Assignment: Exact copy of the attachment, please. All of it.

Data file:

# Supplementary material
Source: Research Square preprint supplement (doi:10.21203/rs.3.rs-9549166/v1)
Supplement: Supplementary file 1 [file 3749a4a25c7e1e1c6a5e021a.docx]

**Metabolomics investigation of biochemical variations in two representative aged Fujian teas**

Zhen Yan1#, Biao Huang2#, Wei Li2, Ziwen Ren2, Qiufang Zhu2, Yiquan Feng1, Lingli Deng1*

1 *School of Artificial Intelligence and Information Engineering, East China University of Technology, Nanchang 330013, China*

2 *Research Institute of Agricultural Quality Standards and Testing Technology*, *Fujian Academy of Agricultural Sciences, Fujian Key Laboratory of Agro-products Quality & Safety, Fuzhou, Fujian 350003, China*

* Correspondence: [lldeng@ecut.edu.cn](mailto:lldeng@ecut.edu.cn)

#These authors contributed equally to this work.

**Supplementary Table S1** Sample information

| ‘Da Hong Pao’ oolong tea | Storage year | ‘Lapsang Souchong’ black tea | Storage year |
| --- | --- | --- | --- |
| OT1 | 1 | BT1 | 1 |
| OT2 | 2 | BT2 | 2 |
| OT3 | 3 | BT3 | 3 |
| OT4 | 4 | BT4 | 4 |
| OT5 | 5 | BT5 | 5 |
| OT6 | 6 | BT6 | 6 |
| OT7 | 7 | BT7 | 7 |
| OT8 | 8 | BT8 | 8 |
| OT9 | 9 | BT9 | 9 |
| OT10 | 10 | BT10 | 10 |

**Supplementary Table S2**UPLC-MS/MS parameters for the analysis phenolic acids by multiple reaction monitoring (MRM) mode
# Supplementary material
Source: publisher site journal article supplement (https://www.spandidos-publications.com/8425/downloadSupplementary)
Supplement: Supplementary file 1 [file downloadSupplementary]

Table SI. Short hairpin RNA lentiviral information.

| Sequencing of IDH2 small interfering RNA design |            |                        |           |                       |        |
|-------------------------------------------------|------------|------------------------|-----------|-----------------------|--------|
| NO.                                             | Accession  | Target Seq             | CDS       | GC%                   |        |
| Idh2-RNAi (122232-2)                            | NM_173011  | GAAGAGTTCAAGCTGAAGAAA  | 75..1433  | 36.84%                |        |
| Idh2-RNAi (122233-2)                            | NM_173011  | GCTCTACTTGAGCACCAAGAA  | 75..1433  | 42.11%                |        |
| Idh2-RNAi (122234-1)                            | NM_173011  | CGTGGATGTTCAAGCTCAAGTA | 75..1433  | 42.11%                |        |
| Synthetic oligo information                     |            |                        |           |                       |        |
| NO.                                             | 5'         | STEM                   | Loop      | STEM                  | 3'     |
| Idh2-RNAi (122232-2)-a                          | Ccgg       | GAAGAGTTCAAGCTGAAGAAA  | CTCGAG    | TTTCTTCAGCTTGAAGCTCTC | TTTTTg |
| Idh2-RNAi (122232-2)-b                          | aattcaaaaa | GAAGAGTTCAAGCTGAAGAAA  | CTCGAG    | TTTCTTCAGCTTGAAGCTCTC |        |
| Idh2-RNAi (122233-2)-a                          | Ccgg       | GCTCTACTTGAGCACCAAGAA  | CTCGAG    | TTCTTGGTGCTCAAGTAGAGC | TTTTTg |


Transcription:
# Supplementary material
Source: Research Square preprint supplement (doi:10.21203/rs.3.rs-9549166/v1)
Supplement: Supplementary file 1 [file 3749a4a25c7e1e1c6a5e021a.docx]

**Metabolomics investigation of biochemical variations in two representative aged Fujian teas**

Zhen Yan1#, Biao Huang2#, Wei Li2, Ziwen Ren2, Qiufang Zhu2, Yiquan Feng1, Lingli Deng1*

1 *School of Artificial Intelligence and Information Engineering, East China University of Technology, Nanchang 330013, China*

2 *Research Institute of Agricultural Quality Standards and Testing Technology*, *Fujian Academy of Agricultural Sciences, Fujian Key Laboratory of Agro-products Quality & Safety, Fuzhou, Fujian 350003, China*

* Correspondence: [lldeng@ecut.edu.cn](mailto:lldeng@ecut.edu.cn)

#These authors contributed equally to this work.

**Supplementary Table S1** Sample information

| ‘Da Hong Pao’ oolong tea | Storage year | ‘Lapsang Souchong’ black tea | Storage year |
| --- | --- | --- | --- |
| OT1 | 1 | BT1 | 1 |
| OT2 | 2 | BT2 | 2 |
| OT3 | 3 | BT3 | 3 |
| OT4 | 4 | BT4 | 4 |
| OT5 | 5 | BT5 | 5 |
| OT6 | 6 | BT6 | 6 |
| OT7 | 7 | BT7 | 7 |
| OT8 | 8 | BT8 | 8 |
| OT9 | 9 | BT9 | 9 |
| OT10 | 10 | BT10 | 10 |

**Supplementary Table S2**UPLC-MS/MS parameters for the analysis phenolic acids by multiple reaction monitoring (MRM) mode
# Supplementary material
Source: publisher site journal article supplement (https://www.spandidos-publications.com/8425/downloadSupplementary)
Supplement: Supplementary file 1 [file downloadSupplementary]

Table SI. Short hairpin RNA lentiviral information.

| Sequencing of IDH2 small interfering RNA design |            |                        |           |                       |        |
|-------------------------------------------------|------------|------------------------|-----------|-----------------------|--------|
| NO.                                             | Accession  | Target Seq             | CDS       | GC%                   |        |
| Idh2-RNAi (122232-2)                            | NM_173011  | GAAGAGTTCAAGCTGAAGAAA  | 75..1433  | 36.84%                |        |
| Idh2-RNAi (122233-2)                            | NM_173011  | GCTCTACTTGAGCACCAAGAA  | 75..1433  | 42.11%                |        |
| Idh2-RNAi (122234-1)                            | NM_173011  | CGTGGATGTTCAAGCTCAAGTA | 75..1433  | 42.11%                |        |
| Synthetic oligo information                     |            |                        |           |                       |        |
| NO.                                             | 5'         | STEM                   | Loop      | STEM                  | 3'     |
| Idh2-RNAi (122232-2)-a                          | Ccgg       | GAAGAGTTCAAGCTGAAGAAA  | CTCGAG    | TTTCTTCAGCTTGAAGCTCTC | TTTTTg |
| Idh2-RNAi (122232-2)-b                          | aattcaaaaa | GAAGAGTTCAAGCTGAAGAAA  | CTCGAG    | TTTCTTCAGCTTGAAGCTCTC |        |
| Idh2-RNAi (122233-2)-a                          | Ccgg       | GCTCTACTTGAGCACCAAGAA  | CTCGAG    | TTCTTGGTGCTCAAGTAGAGC | TTTTTg |